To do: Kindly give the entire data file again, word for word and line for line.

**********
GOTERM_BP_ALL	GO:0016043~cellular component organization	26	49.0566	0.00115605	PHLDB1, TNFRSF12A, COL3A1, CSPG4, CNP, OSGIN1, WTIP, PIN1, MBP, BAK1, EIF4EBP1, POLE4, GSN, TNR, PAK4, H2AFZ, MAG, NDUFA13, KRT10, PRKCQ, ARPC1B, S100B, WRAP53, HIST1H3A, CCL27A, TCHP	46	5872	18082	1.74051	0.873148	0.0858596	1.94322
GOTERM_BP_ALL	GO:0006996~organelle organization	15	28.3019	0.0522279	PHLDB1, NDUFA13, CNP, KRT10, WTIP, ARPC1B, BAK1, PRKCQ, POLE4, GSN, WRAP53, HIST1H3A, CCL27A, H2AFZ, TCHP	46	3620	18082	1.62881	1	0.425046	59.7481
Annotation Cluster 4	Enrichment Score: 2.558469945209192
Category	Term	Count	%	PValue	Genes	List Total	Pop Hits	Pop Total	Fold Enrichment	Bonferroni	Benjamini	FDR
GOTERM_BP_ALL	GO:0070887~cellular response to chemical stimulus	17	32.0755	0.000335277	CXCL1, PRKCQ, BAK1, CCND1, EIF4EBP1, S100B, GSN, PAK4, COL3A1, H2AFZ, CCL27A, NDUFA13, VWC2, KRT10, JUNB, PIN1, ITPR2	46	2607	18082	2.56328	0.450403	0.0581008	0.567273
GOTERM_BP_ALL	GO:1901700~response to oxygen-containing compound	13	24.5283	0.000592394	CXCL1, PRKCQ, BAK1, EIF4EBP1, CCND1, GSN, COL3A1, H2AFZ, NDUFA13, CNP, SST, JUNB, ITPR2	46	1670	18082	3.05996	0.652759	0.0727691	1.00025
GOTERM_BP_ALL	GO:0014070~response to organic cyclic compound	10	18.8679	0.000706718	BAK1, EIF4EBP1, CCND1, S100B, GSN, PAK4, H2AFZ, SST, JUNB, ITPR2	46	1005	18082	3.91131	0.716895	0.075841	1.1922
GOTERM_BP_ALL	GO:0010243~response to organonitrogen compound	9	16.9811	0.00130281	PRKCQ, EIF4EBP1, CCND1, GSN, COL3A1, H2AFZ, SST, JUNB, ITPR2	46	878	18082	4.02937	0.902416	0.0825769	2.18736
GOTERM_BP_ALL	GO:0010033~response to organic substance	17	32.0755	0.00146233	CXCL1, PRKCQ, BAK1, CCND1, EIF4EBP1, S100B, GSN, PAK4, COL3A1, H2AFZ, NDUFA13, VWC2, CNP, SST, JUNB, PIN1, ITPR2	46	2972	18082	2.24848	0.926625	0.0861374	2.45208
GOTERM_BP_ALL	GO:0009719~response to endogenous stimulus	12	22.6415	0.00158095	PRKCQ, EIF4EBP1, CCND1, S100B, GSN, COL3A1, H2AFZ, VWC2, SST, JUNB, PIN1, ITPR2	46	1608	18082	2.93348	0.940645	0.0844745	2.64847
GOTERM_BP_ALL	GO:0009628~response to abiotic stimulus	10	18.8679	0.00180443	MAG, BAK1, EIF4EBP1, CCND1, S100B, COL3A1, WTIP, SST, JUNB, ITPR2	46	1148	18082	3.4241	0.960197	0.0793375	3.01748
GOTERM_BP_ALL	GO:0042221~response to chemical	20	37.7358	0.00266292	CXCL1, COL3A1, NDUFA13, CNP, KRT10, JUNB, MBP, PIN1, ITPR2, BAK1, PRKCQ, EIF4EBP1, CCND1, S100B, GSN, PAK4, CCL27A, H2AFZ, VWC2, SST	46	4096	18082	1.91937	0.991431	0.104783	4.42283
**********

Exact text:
GOTERM_BP_ALL	GO:0016043~cellular component organization	26	49.0566	0.00115605	PHLDB1, TNFRSF12A, COL3A1, CSPG4, CNP, OSGIN1, WTIP, PIN1, MBP, BAK1, EIF4EBP1, POLE4, GSN, TNR, PAK4, H2AFZ, MAG, NDUFA13, KRT10, PRKCQ, ARPC1B, S100B, WRAP53, HIST1H3A, CCL27A, TCHP	46	5872	18082	1.74051	0.873148	0.0858596	1.94322
GOTERM_BP_ALL	GO:0006996~organelle organization	15	28.3019	0.0522279	PHLDB1, NDUFA13, CNP, KRT10, WTIP, ARPC1B, BAK1, PRKCQ, POLE4, GSN, WRAP53, HIST1H3A, CCL27A, H2AFZ, TCHP	46	3620	18082	1.62881	1	0.425046	59.7481
Annotation Cluster 4	Enrichment Score: 2.558469945209192
Category	Term	Count	%	PValue	Genes	List Total	Pop Hits	Pop Total	Fold Enrichment	Bonferroni	Benjamini	FDR
GOTERM_BP_ALL	GO:0070887~cellular response to chemical stimulus	17	32.0755	0.000335277	CXCL1, PRKCQ, BAK1, CCND1, EIF4EBP1, S100B, GSN, PAK4, COL3A1, H2AFZ, CCL27A, NDUFA13, VWC2, KRT10, JUNB, PIN1, ITPR2	46	2607	18082	2.56328	0.450403	0.0581008	0.567273
GOTERM_BP_ALL	GO:1901700~response to oxygen-containing compound	13	24.5283	0.000592394	CXCL1, PRKCQ, BAK1, EIF4EBP1, CCND1, GSN, COL3A1, H2AFZ, NDUFA13, CNP, SST, JUNB, ITPR2	46	1670	18082	3.05996	0.652759	0.0727691	1.00025
GOTERM_BP_ALL	GO:0014070~response to organic cyclic compound	10	18.8679	0.000706718	BAK1, EIF4EBP1, CCND1, S100B, GSN, PAK4, H2AFZ, SST, JUNB, ITPR2	46	1005	18082	3.91131	0.716895	0.075841	1.1922
GOTERM_BP_ALL	GO:0010243~response to organonitrogen compound	9	16.9811	0.00130281	PRKCQ, EIF4EBP1, CCND1, GSN, COL3A1, H2AFZ, SST, JUNB, ITPR2	46	878	18082	4.02937	0.902416	0.0825769	2.18736
GOTERM_BP_ALL	GO:0010033~response to organic substance	17	32.0755	0.00146233	CXCL1, PRKCQ, BAK1, CCND1, EIF4EBP1, S100B, GSN, PAK4, COL3A1, H2AFZ, NDUFA13, VWC2, CNP, SST, JUNB, PIN1, ITPR2	46	2972	18082	2.24848	0.926625	0.0861374	2.45208
GOTERM_BP_ALL	GO:0009719~response to endogenous stimulus	12	22.6415	0.00158095	PRKCQ, EIF4EBP1, CCND1, S100B, GSN, COL3A1, H2AFZ, VWC2, SST, JUNB, PIN1, ITPR2	46	1608	18082	2.93348	0.940645	0.0844745	2.64847
GOTERM_BP_ALL	GO:0009628~response to abiotic stimulus	10	18.8679	0.00180443	MAG, BAK1, EIF4EBP1, CCND1, S100B, COL3A1, WTIP, SST, JUNB, ITPR2	46	1148	18082	3.4241	0.960197	0.0793375	3.01748
GOTERM_BP_ALL	GO:0042221~response to chemical	20	37.7358	0.00266292	CXCL1, COL3A1, NDUFA13, CNP, KRT10, JUNB, MBP, PIN1, ITPR2, BAK1, PRKCQ, EIF4EBP1, CCND1, S100B, GSN, PAK4, CCL27A, H2AFZ, VWC2, SST	46	4096	18082	1.91937	0.991431	0.104783	4.42283